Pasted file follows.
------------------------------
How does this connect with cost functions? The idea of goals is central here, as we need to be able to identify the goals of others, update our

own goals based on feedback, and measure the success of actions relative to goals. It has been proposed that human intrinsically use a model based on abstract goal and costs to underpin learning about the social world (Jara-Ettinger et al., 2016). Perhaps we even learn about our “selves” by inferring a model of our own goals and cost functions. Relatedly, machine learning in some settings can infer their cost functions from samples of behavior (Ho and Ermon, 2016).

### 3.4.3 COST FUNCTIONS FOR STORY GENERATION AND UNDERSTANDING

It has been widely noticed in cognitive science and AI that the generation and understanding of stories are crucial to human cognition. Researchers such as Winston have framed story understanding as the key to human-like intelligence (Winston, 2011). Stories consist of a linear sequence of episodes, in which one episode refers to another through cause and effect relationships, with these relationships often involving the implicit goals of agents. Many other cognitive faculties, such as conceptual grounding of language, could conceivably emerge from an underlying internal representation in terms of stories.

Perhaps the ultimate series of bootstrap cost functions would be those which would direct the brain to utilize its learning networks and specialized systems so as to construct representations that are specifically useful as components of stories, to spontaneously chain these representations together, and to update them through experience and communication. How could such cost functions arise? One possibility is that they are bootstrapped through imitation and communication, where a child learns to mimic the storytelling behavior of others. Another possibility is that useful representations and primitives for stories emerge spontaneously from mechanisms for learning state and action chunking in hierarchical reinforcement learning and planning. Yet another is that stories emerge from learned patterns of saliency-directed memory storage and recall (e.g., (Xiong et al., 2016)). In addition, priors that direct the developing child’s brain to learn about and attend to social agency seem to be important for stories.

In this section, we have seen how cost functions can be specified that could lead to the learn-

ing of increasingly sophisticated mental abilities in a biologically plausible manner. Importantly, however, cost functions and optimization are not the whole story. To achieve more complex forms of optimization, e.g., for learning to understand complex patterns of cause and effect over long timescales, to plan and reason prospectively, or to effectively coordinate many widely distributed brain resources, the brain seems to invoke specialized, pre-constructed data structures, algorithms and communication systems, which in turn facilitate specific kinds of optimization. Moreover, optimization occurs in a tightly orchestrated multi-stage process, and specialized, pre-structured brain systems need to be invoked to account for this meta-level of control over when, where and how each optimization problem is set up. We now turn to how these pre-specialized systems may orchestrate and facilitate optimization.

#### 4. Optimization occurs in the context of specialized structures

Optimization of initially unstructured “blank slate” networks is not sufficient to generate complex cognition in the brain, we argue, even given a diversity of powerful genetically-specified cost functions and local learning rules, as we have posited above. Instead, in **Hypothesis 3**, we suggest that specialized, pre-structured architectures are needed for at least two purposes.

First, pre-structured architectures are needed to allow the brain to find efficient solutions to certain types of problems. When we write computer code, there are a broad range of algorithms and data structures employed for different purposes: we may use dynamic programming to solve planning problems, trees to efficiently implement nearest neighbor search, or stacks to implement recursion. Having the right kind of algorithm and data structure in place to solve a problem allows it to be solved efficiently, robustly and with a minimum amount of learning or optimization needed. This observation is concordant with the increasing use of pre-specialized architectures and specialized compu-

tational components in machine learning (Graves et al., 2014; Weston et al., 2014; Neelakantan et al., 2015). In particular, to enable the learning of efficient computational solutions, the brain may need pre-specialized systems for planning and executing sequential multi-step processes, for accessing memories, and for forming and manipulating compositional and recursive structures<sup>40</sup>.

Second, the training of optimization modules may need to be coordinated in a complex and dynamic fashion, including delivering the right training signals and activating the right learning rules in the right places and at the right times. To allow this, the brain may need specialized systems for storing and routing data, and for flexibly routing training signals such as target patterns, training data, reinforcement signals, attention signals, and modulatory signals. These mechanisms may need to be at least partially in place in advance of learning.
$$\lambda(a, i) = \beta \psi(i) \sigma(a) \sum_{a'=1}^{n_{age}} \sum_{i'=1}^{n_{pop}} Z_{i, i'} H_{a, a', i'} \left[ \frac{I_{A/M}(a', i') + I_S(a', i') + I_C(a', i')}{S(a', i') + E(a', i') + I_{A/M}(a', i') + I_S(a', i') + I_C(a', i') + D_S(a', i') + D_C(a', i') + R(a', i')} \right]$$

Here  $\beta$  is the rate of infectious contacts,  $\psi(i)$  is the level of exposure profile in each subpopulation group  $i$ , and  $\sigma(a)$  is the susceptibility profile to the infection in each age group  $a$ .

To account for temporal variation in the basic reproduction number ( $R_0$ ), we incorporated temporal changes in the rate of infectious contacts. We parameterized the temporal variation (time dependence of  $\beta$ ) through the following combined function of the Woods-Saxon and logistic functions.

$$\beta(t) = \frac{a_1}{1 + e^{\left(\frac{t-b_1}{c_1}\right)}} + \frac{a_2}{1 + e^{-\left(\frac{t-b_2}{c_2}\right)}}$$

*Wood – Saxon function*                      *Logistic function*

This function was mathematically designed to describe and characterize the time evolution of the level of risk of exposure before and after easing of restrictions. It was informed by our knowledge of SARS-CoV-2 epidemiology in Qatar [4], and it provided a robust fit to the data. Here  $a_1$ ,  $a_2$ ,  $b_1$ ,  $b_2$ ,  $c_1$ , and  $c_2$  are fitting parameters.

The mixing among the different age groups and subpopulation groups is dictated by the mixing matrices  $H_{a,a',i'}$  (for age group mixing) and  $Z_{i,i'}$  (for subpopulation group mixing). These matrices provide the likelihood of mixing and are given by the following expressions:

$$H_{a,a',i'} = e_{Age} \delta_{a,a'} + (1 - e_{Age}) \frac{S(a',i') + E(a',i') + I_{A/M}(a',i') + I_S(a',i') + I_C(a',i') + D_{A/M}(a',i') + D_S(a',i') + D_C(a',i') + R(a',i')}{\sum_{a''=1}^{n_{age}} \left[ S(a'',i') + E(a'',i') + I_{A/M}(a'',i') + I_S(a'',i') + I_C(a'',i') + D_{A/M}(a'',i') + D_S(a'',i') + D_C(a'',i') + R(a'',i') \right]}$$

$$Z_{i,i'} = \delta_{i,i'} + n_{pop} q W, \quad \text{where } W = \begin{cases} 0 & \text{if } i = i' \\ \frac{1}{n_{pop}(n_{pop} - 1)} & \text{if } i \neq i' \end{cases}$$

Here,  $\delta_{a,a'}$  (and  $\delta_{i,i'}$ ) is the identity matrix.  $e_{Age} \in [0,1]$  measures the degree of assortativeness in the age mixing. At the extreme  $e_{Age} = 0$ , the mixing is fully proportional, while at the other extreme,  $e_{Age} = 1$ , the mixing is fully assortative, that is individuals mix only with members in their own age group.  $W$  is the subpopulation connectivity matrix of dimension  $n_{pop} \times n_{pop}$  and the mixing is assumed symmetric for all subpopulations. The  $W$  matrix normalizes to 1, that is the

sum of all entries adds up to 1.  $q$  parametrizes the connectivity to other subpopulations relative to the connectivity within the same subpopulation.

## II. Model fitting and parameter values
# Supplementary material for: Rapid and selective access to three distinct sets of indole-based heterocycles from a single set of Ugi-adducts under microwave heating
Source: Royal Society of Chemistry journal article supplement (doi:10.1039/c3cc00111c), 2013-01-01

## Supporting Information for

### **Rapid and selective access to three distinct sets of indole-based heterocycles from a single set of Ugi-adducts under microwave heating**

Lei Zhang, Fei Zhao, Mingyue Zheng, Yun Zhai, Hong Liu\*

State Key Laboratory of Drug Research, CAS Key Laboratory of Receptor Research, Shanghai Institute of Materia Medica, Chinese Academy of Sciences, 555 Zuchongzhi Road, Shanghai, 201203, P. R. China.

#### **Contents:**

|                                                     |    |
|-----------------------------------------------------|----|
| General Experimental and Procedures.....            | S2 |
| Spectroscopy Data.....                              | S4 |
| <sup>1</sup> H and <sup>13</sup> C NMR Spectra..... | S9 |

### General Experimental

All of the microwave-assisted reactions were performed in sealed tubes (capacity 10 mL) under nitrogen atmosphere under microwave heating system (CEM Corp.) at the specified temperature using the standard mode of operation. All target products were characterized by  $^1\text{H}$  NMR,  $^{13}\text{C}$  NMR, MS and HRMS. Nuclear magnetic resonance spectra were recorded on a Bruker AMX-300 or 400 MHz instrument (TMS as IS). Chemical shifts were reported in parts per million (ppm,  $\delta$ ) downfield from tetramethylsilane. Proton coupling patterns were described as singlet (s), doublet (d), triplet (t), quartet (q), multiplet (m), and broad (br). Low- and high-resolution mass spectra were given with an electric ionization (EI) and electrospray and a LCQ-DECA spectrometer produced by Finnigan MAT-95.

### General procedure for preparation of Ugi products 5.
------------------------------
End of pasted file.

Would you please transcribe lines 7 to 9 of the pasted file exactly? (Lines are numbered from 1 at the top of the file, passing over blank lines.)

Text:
ing of increasingly sophisticated mental abilities in a biologically plausible manner. Importantly, however, cost functions and optimization are not the whole story. To achieve more complex forms of optimization, e.g., for learning to understand complex patterns of cause and effect over long timescales, to plan and reason prospectively, or to effectively coordinate many widely distributed brain resources, the brain seems to invoke specialized, pre-constructed data structures, algorithms and communication systems, which in turn facilitate specific kinds of optimization. Moreover, optimization occurs in a tightly orchestrated multi-stage process, and specialized, pre-structured brain systems need to be invoked to account for this meta-level of control over when, where and how each optimization problem is set up. We now turn to how these pre-specialized systems may orchestrate and facilitate optimization.

#### 4. Optimization occurs in the context of specialized structures

Optimization of initially unstructured “blank slate” networks is not sufficient to generate complex cognition in the brain, we argue, even given a diversity of powerful genetically-specified cost functions and local learning rules, as we have posited above. Instead, in **Hypothesis 3**, we suggest that specialized, pre-structured architectures are needed for at least two purposes.